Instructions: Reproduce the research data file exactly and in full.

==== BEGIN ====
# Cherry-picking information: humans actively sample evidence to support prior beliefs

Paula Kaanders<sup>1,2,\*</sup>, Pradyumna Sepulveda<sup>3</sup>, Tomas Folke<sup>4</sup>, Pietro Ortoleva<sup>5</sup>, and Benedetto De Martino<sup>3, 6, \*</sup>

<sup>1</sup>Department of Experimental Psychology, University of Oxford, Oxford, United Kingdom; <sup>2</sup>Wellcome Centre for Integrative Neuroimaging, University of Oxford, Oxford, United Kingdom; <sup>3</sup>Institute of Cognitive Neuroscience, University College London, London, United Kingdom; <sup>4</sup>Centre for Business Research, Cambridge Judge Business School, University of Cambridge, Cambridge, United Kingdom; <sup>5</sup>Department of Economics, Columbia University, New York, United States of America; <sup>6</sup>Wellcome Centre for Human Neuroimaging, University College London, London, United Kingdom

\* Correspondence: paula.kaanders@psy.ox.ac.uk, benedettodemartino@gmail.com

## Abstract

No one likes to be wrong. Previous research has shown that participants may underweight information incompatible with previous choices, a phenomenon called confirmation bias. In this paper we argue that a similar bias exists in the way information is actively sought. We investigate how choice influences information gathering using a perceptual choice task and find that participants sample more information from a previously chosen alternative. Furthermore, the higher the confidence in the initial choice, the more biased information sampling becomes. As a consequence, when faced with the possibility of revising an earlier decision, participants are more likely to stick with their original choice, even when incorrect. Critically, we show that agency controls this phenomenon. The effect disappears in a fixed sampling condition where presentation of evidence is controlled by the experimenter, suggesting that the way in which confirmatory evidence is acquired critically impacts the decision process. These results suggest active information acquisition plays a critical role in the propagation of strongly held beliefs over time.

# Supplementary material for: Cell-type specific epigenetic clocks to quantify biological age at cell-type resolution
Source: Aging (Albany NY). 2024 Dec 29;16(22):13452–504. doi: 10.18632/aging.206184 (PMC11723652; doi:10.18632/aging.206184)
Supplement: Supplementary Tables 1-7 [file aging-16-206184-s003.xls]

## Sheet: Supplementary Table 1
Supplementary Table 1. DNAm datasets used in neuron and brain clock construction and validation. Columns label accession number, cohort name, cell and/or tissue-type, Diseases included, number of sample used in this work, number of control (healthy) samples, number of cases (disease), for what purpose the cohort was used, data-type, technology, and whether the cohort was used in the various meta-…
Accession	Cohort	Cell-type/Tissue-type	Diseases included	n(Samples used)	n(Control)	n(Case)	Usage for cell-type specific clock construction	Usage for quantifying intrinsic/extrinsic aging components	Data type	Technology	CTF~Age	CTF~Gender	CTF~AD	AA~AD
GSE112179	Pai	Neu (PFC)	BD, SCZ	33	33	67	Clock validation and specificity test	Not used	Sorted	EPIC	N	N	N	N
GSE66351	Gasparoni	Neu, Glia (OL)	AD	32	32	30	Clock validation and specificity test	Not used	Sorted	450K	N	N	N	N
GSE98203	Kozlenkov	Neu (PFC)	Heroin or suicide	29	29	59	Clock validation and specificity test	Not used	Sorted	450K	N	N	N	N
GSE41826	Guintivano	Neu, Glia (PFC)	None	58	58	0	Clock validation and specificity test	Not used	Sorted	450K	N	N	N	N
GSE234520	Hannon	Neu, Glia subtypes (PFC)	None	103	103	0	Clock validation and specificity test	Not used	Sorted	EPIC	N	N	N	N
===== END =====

# Cherry-picking information: humans actively sample evidence to support prior beliefs

Paula Kaanders<sup>1,2,\*</sup>, Pradyumna Sepulveda<sup>3</sup>, Tomas Folke<sup>4</sup>, Pietro Ortoleva<sup>5</sup>, and Benedetto De Martino<sup>3, 6, \*</sup>

<sup>1</sup>Department of Experimental Psychology, University of Oxford, Oxford, United Kingdom; <sup>2</sup>Wellcome Centre for Integrative Neuroimaging, University of Oxford, Oxford, United Kingdom; <sup>3</sup>Institute of Cognitive Neuroscience, University College London, London, United Kingdom; <sup>4</sup>Centre for Business Research, Cambridge Judge Business School, University of Cambridge, Cambridge, United Kingdom; <sup>5</sup>Department of Economics, Columbia University, New York, United States of America; <sup>6</sup>Wellcome Centre for Human Neuroimaging, University College London, London, United Kingdom

\* Correspondence: paula.kaanders@psy.ox.ac.uk, benedettodemartino@gmail.com

## Abstract

No one likes to be wrong. Previous research has shown that participants may underweight information incompatible with previous choices, a phenomenon called confirmation bias. In this paper we argue that a similar bias exists in the way information is actively sought. We investigate how choice influences information gathering using a perceptual choice task and find that participants sample more information from a previously chosen alternative. Furthermore, the higher the confidence in the initial choice, the more biased information sampling becomes. As a consequence, when faced with the possibility of revising an earlier decision, participants are more likely to stick with their original choice, even when incorrect. Critically, we show that agency controls this phenomenon. The effect disappears in a fixed sampling condition where presentation of evidence is controlled by the experimenter, suggesting that the way in which confirmatory evidence is acquired critically impacts the decision process. These results suggest active information acquisition plays a critical role in the propagation of strongly held beliefs over time.

# Supplementary material for: Cell-type specific epigenetic clocks to quantify biological age at cell-type resolution
Source: Aging (Albany NY). 2024 Dec 29;16(22):13452–504. doi: 10.18632/aging.206184 (PMC11723652; doi:10.18632/aging.206184)
Supplement: Supplementary Tables 1-7 [file aging-16-206184-s003.xls]

## Sheet: Supplementary Table 1
Supplementary Table 1. DNAm datasets used in neuron and brain clock construction and validation. Columns label accession number, cohort name, cell and/or tissue-type, Diseases included, number of sample used in this work, number of control (healthy) samples, number of cases (disease), for what purpose the cohort was used, data-type, technology, and whether the cohort was used in the various meta-…
Accession	Cohort	Cell-type/Tissue-type	Diseases included	n(Samples used)	n(Control)	n(Case)	Usage for cell-type specific clock construction	Usage for quantifying intrinsic/extrinsic aging components	Data type	Technology	CTF~Age	CTF~Gender	CTF~AD	AA~AD
GSE112179	Pai	Neu (PFC)	BD, SCZ	33	33	67	Clock validation and specificity test	Not used	Sorted	EPIC	N	N	N	N
GSE66351	Gasparoni	Neu, Glia (OL)	AD	32	32	30	Clock validation and specificity test	Not used	Sorted	450K	N	N	N	N
GSE98203	Kozlenkov	Neu (PFC)	Heroin or suicide	29	29	59	Clock validation and specificity test	Not used	Sorted	450K	N	N	N	N
GSE41826	Guintivano	Neu, Glia (PFC)	None	58	58	0	Clock validation and specificity test	Not used	Sorted	450K	N	N	N	N
GSE234520	Hannon	Neu, Glia subtypes (PFC)	None	103	103	0	Clock validation and specificity test	Not used	Sorted	EPIC	N	N	N	N